Cardiovascular Implications of COVID-19 in Children and Adolescents
The new coronavirus pandemic has been responsible for more than 2 million deaths worldwide and over 400,000 deaths in the United States. In the U.S., children make up about 12% of total cases (2 million children infected so far), with a pediatric hospitalization rate of 1.3% and mortality rate of 0.01%.
Despite this relatively low death rate, there has been increasing recognition of serious medical complications, including multisystem inflammatory syndrome in children, or MIS-C, and long-term heart damage.
MIS-C is a multisystem inflammatory response to COVID-19 that can involve the heart, lungs, kidneys, liver and brain. It can cause life-threatening shock and respiratory failure, and has a mortality rate of just under 2% — over 100 times that of COVID-19 disease itself in the pediatric population. Originally thought to be a variant of Kawasaki disease, the clinical presentation of MIS-C can include prolonged fever, headache, sore throat, conjunctivitis, oral mucosal changes, abdominal pain, vomiting, diarrhea, rash, swollen hands or feet, and elevated inflammatory markers. Cardiovascular manifestations of MIS-C mimic acute myocarditis and include abnormal cardiac enzymes (troponin levels) ventricular dysfunction, arrhythmias and cardiogenic shock. Children suspected of having MIS-C should be evaluated in the pediatric emergency department, and, if they meet criteria, should be admitted to the hospital or intensive care unit.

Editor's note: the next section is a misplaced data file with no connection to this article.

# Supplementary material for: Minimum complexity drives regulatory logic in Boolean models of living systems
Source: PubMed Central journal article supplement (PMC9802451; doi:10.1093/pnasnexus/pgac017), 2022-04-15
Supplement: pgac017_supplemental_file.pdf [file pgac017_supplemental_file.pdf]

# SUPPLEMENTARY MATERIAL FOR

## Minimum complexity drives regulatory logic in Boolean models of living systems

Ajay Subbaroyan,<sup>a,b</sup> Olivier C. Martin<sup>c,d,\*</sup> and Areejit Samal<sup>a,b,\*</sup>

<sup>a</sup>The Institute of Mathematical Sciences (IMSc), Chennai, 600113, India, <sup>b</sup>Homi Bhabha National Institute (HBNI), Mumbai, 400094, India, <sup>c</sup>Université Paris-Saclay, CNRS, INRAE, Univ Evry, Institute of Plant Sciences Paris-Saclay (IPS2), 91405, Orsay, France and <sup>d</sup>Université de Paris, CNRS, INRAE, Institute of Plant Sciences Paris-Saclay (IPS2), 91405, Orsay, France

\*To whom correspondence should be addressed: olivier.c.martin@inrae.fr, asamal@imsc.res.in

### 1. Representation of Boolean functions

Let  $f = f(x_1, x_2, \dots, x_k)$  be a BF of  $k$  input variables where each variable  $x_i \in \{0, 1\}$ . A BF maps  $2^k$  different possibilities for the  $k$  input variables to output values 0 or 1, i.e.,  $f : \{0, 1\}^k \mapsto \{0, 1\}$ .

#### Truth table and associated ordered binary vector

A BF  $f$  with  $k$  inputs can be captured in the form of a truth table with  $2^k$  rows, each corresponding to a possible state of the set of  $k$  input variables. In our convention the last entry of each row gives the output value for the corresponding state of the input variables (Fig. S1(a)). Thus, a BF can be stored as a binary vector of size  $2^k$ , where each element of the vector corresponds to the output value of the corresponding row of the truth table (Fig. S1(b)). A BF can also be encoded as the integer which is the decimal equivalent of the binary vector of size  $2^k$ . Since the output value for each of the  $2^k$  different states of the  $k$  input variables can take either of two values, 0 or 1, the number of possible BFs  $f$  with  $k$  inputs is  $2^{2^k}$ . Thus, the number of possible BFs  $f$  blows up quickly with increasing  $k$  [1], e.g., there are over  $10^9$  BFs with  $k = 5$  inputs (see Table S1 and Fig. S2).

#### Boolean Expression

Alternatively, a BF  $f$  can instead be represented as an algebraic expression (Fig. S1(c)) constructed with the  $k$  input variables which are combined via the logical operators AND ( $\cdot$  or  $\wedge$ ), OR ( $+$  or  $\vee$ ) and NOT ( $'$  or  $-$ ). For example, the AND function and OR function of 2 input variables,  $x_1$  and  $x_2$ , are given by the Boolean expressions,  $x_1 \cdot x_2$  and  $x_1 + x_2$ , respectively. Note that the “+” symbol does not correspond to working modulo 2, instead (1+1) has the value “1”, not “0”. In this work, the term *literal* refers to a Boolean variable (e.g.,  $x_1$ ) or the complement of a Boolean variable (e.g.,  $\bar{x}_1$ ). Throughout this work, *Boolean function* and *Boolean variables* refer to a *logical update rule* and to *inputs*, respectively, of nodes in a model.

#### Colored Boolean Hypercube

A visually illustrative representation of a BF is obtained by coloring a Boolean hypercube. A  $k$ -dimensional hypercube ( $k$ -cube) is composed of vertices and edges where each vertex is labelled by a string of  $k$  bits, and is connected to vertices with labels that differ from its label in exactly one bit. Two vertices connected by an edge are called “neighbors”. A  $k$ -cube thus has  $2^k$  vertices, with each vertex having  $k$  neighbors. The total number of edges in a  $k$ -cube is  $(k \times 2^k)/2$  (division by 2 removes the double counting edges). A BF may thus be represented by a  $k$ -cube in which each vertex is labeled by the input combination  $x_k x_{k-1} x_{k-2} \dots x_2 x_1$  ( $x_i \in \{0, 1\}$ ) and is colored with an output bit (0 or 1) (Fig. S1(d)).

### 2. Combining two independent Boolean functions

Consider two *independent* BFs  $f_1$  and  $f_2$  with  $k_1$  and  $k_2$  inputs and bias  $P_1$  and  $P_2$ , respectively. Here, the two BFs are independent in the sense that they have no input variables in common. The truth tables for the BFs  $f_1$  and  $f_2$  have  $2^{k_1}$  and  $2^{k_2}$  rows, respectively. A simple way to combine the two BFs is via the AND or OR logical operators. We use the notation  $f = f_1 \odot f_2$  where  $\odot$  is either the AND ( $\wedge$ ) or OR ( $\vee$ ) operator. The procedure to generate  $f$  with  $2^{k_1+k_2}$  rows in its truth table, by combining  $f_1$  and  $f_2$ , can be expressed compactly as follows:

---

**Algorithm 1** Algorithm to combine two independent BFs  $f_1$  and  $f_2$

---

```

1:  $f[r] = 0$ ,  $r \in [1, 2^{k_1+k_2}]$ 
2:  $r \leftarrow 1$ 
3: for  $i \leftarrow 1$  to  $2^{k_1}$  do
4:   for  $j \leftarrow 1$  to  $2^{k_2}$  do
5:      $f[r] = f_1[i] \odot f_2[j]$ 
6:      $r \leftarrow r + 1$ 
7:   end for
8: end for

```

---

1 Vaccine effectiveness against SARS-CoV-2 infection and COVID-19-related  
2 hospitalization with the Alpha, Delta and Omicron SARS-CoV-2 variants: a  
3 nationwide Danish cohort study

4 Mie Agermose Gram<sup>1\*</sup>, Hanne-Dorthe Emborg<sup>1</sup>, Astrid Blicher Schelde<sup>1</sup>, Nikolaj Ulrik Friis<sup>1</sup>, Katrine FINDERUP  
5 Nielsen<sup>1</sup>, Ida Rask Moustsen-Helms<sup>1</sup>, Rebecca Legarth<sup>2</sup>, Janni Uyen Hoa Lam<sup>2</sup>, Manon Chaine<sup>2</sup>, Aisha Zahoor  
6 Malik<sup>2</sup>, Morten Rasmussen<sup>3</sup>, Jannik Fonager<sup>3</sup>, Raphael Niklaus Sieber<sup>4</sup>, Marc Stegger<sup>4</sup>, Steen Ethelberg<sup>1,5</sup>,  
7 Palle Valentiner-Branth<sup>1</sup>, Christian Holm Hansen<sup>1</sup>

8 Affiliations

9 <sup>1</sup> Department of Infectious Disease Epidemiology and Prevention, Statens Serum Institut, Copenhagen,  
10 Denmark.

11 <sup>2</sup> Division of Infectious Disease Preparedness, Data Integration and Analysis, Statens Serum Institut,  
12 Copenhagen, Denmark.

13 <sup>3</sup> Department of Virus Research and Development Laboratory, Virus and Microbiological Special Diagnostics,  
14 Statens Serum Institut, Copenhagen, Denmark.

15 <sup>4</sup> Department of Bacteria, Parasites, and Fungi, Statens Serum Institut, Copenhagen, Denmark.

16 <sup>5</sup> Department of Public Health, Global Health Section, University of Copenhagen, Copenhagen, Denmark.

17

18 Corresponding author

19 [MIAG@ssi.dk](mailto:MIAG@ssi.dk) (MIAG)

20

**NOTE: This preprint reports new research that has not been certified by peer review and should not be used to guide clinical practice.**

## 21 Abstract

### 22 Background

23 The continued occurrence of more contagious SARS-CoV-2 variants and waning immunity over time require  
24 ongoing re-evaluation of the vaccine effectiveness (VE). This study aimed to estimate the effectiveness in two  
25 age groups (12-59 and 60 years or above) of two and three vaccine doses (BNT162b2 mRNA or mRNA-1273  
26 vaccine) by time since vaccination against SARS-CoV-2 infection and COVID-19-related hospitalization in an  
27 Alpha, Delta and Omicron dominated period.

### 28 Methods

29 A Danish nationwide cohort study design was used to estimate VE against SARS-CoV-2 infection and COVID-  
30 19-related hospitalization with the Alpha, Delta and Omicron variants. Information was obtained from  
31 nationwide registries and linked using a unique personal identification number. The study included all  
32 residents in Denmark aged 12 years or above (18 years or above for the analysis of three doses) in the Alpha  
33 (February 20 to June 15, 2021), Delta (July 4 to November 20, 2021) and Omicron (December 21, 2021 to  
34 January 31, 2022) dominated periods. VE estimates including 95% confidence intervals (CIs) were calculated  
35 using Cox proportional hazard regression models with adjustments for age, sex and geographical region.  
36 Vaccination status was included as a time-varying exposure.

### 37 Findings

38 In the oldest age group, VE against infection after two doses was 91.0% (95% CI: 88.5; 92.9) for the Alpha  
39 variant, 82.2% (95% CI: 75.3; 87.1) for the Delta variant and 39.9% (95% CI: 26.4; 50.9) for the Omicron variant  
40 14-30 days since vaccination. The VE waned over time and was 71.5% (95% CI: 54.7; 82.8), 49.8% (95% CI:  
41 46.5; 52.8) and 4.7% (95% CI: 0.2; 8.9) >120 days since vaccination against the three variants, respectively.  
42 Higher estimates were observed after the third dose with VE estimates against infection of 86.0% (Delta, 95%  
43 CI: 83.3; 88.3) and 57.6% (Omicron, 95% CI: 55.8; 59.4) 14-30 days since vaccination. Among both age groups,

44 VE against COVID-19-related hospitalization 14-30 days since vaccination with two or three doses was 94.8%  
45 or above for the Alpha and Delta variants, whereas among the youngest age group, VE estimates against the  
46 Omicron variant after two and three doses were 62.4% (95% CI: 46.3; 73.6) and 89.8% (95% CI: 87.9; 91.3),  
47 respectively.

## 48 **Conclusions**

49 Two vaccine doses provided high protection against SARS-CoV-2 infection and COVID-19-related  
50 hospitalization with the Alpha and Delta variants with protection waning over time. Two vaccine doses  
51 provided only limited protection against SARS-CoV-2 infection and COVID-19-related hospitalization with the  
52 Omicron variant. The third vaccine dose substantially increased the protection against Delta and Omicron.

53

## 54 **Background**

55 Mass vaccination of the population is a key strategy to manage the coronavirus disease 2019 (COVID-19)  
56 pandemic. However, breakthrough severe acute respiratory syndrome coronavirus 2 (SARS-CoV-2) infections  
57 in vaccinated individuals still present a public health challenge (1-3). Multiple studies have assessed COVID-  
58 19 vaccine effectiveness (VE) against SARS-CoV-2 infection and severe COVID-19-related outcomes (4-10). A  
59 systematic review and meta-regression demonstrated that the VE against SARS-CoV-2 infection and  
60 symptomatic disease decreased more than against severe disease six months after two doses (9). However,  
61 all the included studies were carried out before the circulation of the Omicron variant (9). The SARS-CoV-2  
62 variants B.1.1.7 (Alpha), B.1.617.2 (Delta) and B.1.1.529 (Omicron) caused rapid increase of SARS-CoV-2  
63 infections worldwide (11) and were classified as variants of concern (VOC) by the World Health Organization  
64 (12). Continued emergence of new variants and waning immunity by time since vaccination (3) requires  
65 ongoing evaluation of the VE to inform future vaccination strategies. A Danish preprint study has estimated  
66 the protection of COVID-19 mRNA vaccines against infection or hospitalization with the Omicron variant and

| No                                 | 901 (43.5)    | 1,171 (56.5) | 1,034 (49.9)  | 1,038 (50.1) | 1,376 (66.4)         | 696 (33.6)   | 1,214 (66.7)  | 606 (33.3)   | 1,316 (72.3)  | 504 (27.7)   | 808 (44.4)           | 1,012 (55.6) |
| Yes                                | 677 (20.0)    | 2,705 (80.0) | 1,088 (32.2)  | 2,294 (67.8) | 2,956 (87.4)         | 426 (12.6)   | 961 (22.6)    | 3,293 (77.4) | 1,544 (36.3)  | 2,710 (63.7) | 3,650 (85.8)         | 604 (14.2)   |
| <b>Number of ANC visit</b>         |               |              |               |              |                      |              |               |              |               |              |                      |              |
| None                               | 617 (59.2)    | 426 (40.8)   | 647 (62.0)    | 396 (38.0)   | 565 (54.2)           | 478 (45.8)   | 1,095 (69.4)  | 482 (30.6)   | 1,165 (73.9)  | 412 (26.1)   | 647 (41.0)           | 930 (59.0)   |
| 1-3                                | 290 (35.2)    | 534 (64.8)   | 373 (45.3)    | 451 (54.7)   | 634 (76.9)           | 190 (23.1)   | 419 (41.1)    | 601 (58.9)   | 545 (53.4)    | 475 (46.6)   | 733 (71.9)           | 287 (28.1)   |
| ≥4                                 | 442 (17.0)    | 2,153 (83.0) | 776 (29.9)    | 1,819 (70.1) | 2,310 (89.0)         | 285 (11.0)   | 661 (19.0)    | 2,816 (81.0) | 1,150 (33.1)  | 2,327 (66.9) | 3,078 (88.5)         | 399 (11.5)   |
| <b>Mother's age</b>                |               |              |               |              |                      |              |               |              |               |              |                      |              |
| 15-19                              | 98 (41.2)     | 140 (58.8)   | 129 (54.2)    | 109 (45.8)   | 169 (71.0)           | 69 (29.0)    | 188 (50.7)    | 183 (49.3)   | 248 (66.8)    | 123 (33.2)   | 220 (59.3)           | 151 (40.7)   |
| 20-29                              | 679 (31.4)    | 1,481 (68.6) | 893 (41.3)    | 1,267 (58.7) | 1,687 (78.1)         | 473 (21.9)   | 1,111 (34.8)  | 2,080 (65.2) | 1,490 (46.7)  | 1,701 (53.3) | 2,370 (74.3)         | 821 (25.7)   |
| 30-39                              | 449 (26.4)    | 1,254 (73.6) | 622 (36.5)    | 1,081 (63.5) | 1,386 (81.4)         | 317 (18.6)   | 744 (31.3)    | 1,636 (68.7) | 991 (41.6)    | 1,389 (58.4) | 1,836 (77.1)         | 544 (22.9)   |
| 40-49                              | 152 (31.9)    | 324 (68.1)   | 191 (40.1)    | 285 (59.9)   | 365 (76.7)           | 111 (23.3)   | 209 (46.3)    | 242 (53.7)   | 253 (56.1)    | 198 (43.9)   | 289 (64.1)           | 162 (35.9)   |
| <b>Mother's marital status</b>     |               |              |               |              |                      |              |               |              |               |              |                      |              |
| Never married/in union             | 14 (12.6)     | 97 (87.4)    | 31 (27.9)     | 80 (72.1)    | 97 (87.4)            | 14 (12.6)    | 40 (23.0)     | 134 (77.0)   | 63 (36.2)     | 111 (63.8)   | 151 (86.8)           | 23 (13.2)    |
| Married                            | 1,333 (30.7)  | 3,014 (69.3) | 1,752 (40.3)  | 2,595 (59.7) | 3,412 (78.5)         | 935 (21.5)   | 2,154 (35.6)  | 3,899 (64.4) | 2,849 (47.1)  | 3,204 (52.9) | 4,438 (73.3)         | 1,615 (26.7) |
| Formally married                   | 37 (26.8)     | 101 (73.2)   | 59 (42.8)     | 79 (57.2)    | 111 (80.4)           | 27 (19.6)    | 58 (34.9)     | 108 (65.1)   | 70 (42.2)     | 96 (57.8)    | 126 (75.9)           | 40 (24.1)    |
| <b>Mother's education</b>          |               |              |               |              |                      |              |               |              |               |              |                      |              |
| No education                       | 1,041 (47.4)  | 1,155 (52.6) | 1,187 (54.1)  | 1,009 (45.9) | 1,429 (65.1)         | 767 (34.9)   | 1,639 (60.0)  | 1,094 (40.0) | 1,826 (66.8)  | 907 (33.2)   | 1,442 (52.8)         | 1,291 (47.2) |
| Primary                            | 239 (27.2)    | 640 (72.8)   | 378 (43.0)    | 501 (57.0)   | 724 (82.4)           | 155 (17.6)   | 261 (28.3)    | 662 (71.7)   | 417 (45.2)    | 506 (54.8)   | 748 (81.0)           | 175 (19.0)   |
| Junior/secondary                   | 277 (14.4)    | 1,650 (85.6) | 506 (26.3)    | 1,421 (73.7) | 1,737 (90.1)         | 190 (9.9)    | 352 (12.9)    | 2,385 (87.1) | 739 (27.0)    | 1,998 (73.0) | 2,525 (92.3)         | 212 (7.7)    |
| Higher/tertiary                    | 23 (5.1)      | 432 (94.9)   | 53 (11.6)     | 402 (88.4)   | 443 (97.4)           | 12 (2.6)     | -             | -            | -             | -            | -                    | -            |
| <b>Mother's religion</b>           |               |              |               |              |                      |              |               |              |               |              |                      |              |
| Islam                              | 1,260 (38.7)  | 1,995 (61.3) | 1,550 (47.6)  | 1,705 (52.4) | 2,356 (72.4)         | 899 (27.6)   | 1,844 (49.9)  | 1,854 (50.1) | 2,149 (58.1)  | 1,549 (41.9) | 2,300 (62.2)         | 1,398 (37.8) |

There is also increasing evidence for widespread myocardial fibrosis even after a mild bout of COVID-19, which can increase the risk of arrhythmia or sudden death during the return to physical activity. In healthy college-age athletes, this can be seen in approximately 10-30% of patients; in some groups of older adults it is seen in 60-80%. For this reason, current guidelines recommend stratifying adolescent athletes who have had COVID-19 into three categories: 1) Low-risk individuals who were asymptomatic or had symptoms for less than three days; they can return to sports without further evaluation after being symptom-free for 14 days; 2) Moderate-risk individuals who had prolonged fevers or symptoms but were not hospitalized; in many cases, they can gradually return to activity after monitoring symptoms for 14 days, often with either no testing or a simple electrocardiogram and/or echocardiogram; 3) High-risk individuals who were hospitalized or had abnormal cardiac testing during their acute illness; they typically require rest for three to six months and a cardiology evaluation with extensive testing (i.e., a combination of an echocardiogram, Holter monitor, stress test and cardiac MRI) prior to a gradual return to exercise.
Our pediatric cardiologists at the UF Health Congenital Heart Center are ready to assist with all aspects of cardiovascular care during and after COVID-19 infection. Please call if we can help, or to discuss any individual case.